If you’re planning a trip to the Caribbean in what remains of this winter, you should have no difficulty finding your choice of location at prices comparable to last year. There’s plenty of room at the inn.
But if your travel choice is one of the Big Three destinations below—which account for three-quarters of Canadian vacation trips to the Caribbean overall—you still need to do your due diligence on the state of your chosen resorts to make sure the standards are what you expect, and you need to remain increasingly vigilant about your personal safety and security. For specific warnings, check out Travel Canada’s advisory service links for each country.
According to STR—the hotel data collection company—revenues per available room, average daily room rates, and occupancy rates have all fallen, with the Yucatan Peninsula (which encompasses Cancun and Cozumel) being the most heavily hit area. Yucatan has also been cursed by last summer’s severe outbreak of sargassum (seaweed), which sent beachgoers running inland while holding their noses.
The publication Travel Weekly reports that hotel room oversupply has exacerbated the problem of dropping occupancy to the point that major hotel/resort developers are wary of moving ahead with building projects that have been in the works for several years.
One of the largest of these companies, Apple Leisure Group, has recently put up to $600 million in Mexican hotel developments on hold.
Though Mexico continues to be the most visited vacation destination for Canadians apart from the US, increasingly aggressive drug cartel activities in large areas of Mexico are taking their toll on tourism … even though Canadians seem to continue to ignore the bad press reports.
When planning your trip, make sure to first check out Travel Canada’s advisories. The warning level for Mexico is “Exercise a high degree of caution.” And stay out of any areas designated “Avoid non-essential travel.” Pay attention to these advisories as your travel insurance benefits may be invalidated if you encounter a problem in such a restricted area.
Cuba, which has for many years regarded Canada as its top tourism benefactor, had hoped to break the “five million visitors” mark (total, from all countries) in 2019, but now will have to settle for slightly less than four million by the time all data is collected.
Tourism officials attribute this drop to a tightening of US embargo restraints largely precipitated by Cuba’s continuing support of the Nicolas Maduro regime in Venezuela—which has been opposed by dozens of Western nations including Canada. Just recently the US also banned charter and commercial flights to Cuba to supplement its ban on cruise ships. US travel agents have reported that their business to Cuba has dropped precipitously since imposition of the restraints, and reports from inside Cuba show that rationing of household goods, even cooking oil, has become increasingly severe, affecting virtually all segments of the population.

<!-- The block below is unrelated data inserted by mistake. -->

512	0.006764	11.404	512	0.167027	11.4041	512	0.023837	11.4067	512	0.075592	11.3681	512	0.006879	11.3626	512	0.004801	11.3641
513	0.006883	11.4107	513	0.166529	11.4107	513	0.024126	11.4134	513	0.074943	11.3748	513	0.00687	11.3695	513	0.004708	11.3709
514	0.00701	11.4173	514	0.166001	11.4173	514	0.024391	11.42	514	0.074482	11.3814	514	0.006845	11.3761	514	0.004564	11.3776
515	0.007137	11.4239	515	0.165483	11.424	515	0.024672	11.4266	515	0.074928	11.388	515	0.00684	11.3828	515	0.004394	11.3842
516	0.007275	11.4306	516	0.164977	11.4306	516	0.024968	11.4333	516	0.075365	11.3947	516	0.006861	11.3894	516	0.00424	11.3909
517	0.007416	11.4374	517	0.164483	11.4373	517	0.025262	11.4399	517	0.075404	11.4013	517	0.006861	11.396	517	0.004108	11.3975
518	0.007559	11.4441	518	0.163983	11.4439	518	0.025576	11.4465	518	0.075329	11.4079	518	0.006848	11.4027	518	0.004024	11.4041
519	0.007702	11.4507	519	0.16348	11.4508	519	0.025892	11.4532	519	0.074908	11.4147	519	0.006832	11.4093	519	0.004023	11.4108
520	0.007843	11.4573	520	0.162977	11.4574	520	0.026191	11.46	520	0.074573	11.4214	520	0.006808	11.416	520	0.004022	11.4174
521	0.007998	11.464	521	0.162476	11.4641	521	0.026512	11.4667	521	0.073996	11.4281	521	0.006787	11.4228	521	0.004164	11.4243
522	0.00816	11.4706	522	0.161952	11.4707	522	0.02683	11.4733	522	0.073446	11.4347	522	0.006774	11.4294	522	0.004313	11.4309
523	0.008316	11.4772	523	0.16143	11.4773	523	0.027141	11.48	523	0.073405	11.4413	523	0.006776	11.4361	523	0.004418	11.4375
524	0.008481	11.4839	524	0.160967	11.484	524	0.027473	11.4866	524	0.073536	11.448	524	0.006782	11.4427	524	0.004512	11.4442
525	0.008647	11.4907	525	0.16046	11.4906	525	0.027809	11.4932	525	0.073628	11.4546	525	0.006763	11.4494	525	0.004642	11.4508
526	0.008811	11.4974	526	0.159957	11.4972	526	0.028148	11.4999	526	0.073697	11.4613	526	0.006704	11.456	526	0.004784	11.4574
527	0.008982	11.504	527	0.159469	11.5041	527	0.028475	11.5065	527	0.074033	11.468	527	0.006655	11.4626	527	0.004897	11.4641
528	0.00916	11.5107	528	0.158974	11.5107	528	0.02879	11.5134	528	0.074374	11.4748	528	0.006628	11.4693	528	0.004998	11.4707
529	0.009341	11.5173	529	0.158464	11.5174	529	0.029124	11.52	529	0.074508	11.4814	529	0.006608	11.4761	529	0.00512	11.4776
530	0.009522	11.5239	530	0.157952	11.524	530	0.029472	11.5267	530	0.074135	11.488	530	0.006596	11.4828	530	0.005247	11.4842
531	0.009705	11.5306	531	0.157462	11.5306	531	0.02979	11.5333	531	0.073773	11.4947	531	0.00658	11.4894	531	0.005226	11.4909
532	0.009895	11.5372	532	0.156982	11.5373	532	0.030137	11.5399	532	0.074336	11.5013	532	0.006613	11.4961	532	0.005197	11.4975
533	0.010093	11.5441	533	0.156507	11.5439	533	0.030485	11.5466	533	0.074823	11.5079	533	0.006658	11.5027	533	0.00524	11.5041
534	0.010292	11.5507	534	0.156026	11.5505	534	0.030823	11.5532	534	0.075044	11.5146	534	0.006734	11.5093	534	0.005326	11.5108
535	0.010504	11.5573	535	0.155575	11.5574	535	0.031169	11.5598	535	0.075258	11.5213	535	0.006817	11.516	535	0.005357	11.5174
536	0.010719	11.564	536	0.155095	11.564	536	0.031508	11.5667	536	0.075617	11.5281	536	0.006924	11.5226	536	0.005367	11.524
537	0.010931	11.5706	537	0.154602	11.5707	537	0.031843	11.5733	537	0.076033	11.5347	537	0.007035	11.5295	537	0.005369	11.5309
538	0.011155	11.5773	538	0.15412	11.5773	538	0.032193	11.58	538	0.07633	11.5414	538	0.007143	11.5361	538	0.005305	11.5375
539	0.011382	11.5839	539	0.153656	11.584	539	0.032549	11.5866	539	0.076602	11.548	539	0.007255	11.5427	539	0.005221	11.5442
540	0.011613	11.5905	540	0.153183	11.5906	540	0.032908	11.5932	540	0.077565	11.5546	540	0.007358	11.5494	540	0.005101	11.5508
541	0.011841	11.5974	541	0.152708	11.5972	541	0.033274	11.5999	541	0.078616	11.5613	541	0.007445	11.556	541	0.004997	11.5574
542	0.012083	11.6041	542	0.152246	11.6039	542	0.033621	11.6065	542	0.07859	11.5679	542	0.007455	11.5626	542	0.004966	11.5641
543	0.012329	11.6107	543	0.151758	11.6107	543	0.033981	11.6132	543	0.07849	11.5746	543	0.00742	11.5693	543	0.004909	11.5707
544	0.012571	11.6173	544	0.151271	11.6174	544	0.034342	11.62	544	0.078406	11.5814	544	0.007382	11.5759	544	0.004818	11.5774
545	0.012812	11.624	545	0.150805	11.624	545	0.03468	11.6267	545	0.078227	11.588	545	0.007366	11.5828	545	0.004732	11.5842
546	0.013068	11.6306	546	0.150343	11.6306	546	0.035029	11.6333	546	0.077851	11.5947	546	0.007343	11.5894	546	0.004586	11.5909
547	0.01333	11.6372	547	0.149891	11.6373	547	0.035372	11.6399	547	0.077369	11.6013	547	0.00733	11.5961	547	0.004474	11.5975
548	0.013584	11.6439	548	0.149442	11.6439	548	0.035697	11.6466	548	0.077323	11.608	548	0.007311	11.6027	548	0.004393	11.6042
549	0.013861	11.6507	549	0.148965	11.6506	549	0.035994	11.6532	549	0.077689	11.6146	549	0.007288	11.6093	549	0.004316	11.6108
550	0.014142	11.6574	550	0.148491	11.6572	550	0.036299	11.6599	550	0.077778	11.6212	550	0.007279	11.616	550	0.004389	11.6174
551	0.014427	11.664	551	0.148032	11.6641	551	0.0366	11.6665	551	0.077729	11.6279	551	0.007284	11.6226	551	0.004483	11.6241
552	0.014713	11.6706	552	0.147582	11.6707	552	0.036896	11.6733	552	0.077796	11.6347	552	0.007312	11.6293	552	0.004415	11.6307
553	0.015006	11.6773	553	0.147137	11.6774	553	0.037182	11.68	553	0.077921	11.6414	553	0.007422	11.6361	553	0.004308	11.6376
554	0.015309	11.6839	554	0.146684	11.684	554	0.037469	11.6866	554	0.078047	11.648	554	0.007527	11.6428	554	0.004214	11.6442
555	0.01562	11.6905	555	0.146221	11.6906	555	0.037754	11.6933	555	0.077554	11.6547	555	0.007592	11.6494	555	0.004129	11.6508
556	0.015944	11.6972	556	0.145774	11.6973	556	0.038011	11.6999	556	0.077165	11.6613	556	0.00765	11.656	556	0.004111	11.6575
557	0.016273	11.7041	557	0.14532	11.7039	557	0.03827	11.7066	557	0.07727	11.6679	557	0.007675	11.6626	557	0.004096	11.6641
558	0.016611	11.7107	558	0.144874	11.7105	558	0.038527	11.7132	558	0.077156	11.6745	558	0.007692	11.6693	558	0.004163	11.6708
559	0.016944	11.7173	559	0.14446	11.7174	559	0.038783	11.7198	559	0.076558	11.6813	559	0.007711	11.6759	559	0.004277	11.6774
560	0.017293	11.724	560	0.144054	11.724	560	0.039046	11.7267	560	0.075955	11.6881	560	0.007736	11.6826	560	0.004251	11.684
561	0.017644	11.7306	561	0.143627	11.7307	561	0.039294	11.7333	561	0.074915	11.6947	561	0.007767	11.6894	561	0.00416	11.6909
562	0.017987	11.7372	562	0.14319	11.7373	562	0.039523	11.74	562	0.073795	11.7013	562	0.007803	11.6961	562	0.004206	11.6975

Though tourism remains Cuba’s prime hope for economic stability, the expectation of increasing travel restraints is seen with some anxiety by hotel developers who just six or seven years ago were expecting an unbridled boom not only in tourism but the economy generally.
Meanwhile, the Conference Board of Canada has reported a continuing slump in the numbers of Canadian visitors to Cuba to just over 857,000 for the first three quarters of 2019. That’s down only 0.4 per cent from the same period in 2018, but it’s down a substantial 11 per cent for that same time period in 2016 — a steady downward trajectory.
Though Cuba remains at Travel Canada’s “Take normal security precautions” advisory level, there are anecdotal reports of an uptick in pickpocketing incidents, burglaries, and thefts in more congested areas of Havana as well as from hotel rooms being reported by Canadians.
Check out Travel Canada’s Cuba advisories and click on the “Safety and Security” tab for more local details.
The DR also suffered a 2.7 per cent reduction of Canadian visitors in the first three quarters of 2019 from the same period in 2018, due largely to bad international press reports related to a string of mysterious hotel/resort deaths in the early part of 2019. In fact, bookings from the US fell 84 per cent during July and August.
But since then the DR has fought back with a multi-pronged, multi-million-dollar ad campaign featuring “the Real DR,” focusing on the natural beauties of the island. It hopes to deflect attention away from the more sordid details of last summer’s media elegy.
Large hotel developers appear to have retained their faith in the DR’s tourism future and continue with their building plans, primarily in the “all-inclusive” market. But they also are aware that one or two more “mysterious” reports of food or minibar poisonings can just as quickly turn optimism sour.
At present, Travel Canada maintains the DR at “Exercise a high degree of caution” levels, with localized reports of pickpocketing, bag snatching, drive-by thefts, and hotel room burglaries—particularly at “all-inclusive” resorts.
For more details go to Travel Canada’s DR advisories and check out the “Safety and Security” tab.
Play it safe
Regardless of your location, play it safe and keep your travel insurance policy, plane tickets, passport, and other valuables in a safe place—definitely not lying about with your sightseeing brochures and room service menus on a side table.
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